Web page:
Cape Huay was advised to be a 2hr return walk which was pretty smack on. We took about 45minutes for the walk out and back but with stopping for a snack at the end and enjoying the views of the Candlesticks and Totem Pole and other photos and “wow” moments along the way (this section is also just spectacular and completely different to the Cape Pillar leg).
It was just on 2hrs later when we picked up our packs at 12pm and finished the last hour of the walk, which was mostly flat or down hill, a few stairs and with beautiful views of the pure white sand of the beach at Fortescue Bay for the last 15 minutes. This last hour of the walk was where we got talking to Hugh who is a 79 year old man who did an 18 day trek to Everest Base camp only 2 years ago. Yes, at 77 Hugh trekked to Everest Base Camp! Along with that surprise, he was also a Chief Engineer in the Merchant Navy for many years, just like Chris. That last hour flew by while chatting with Hugh.
When you get to the end of the track at the boat ramp, there should be a little laminated sign saying “3 Capes Track shuttle bus 200m “ Supposedly some people stop right at the boat ramp thinking the shuttle will pick them up from there. Keep going until you get to some picnic tables and a bbq area, where there is also a sign confirming you are in the correct location. We had an hour before the bus was due so we stretched our legs along the beach, bought an ice cream and some walkers swam. It was cold, but it sure was another beautiful day. The bus arrived at 1.30pm and since we were all present and accounted for, we left early for our car in long term parking at the Port Arthur Historic Site.
Food wise, we packed what we normally would hiking, freeze dried dinners for night time from the Australian (Tasmanian in fact) owned and made Strive Food. You can order online from the mainland or elsewhere in Tassie or just walk in to their shop in Sandy Bay (by the way we are not sponsored, we just love a good product and it is all Australian made and owned). Strive present their food in clear plastic packets so you know EXACTLY what you are getting, it’s not just energy and something warm to eat, it is nutritious and not full of salt, msg and other rubbish such as thickeners, flavour enhancers, colourings and stabilisers. Seriously why is this stuff being put in our food? You can see it and read what is in it.
The packs we took which we have had before were delicious. We had the vegetable laksa, cheese corn and vegetable risotto, hearty minestrone and creamy vegetable pasta. We also tried out 1 new one, the beef masaman curry. Tasted great but not as brilliant as the others.
During the day our food was fairly typical consisting of muesli bars, small cans of tuna or salmon, nuts, chocolate and Kate’s favourite (which is not so healthy) BBQ shapes. The two things we packed which we normally certainly wouldn’t was red wine and liquid milk and it was most enjoyable to have a glass or two of red wine in the evening. Weight wise, not having a tent, sleeping mat, cooking gear or having to carry water for multiple days made our packs very light. We practically carried 1 spare set of clothes, sleeping bags, toiletries and food. Very light and manageable. Now, in saying all of this, you can eat like a king (and queen) on this track and we did in fact have our own Master Chef Carlo (or so we called Carlo) who along with the other two in his group, hiked in with cryovaced meat and had a theme for each night. The 1st night being Argentinian with amazing steaks as the foundation, the 2nd night being Italian and whilst we thought ours was delicious, they sat down to Spaghetti Carbonara with real bacon, pecorino, eggs and seasoning! The last night was a South African theme and before I forget, big breakfasts nearly every day so, if you want to eat like kings, there is no reason why not on such a walk where you don’t have to carry tents, stoves, cookware or additional water for multiple days. I can say we were a tad jealous but still ate fabulously.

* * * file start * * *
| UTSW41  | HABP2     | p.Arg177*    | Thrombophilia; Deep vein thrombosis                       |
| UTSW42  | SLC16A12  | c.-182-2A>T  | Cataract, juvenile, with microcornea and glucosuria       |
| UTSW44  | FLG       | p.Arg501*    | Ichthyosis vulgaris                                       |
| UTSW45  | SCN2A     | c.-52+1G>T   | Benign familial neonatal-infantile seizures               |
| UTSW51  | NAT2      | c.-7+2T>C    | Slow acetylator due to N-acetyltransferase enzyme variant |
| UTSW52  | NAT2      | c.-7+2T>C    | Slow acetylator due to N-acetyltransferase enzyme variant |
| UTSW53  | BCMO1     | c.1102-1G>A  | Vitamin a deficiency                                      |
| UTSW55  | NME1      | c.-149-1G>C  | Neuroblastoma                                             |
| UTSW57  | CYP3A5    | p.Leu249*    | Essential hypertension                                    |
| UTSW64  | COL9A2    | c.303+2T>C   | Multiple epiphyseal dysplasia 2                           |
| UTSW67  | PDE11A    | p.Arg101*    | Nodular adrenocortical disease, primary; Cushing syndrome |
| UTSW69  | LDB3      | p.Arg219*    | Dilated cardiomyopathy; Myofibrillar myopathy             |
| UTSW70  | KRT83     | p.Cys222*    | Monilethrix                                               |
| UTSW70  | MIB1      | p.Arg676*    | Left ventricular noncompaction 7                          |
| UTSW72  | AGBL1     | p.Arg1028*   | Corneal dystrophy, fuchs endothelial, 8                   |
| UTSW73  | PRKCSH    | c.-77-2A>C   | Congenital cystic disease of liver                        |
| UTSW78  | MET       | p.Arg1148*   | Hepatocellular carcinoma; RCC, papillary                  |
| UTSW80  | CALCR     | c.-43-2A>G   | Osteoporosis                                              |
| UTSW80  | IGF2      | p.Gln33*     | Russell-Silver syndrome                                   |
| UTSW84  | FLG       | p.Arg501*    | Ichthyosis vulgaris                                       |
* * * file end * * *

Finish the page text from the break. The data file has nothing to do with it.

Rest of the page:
You can imagine that after the hike, we really didn’t feel like cooking dinner. A nice hot shower and comfy bed was in order but first we had to try out the famous Doo-Lishus food van on the way to our accommodation. Doo-Lishus has had rave reviews for a couple of years on sites such as Tripadvisor and TV. Finally our timing was right to have some fish and chips for dinner after leaving Port Arthur late in the afternoon. The seafood is fresh from the local boats and cooked onsite. We thoroughly enjoyed fish, squid and chips. Generous serves for a good price and best of all, fresh, tasty and it supports the locals. Before I forget, great ice cream too!
Doo-Lishus is located at the Blowhole car park on Blowhole Road in Doo-Town (near Eaglehawk Neck). The hours are reduced at winter time, maybe even closed. I believe it is open every day until 6 or 7pm from late September until early May.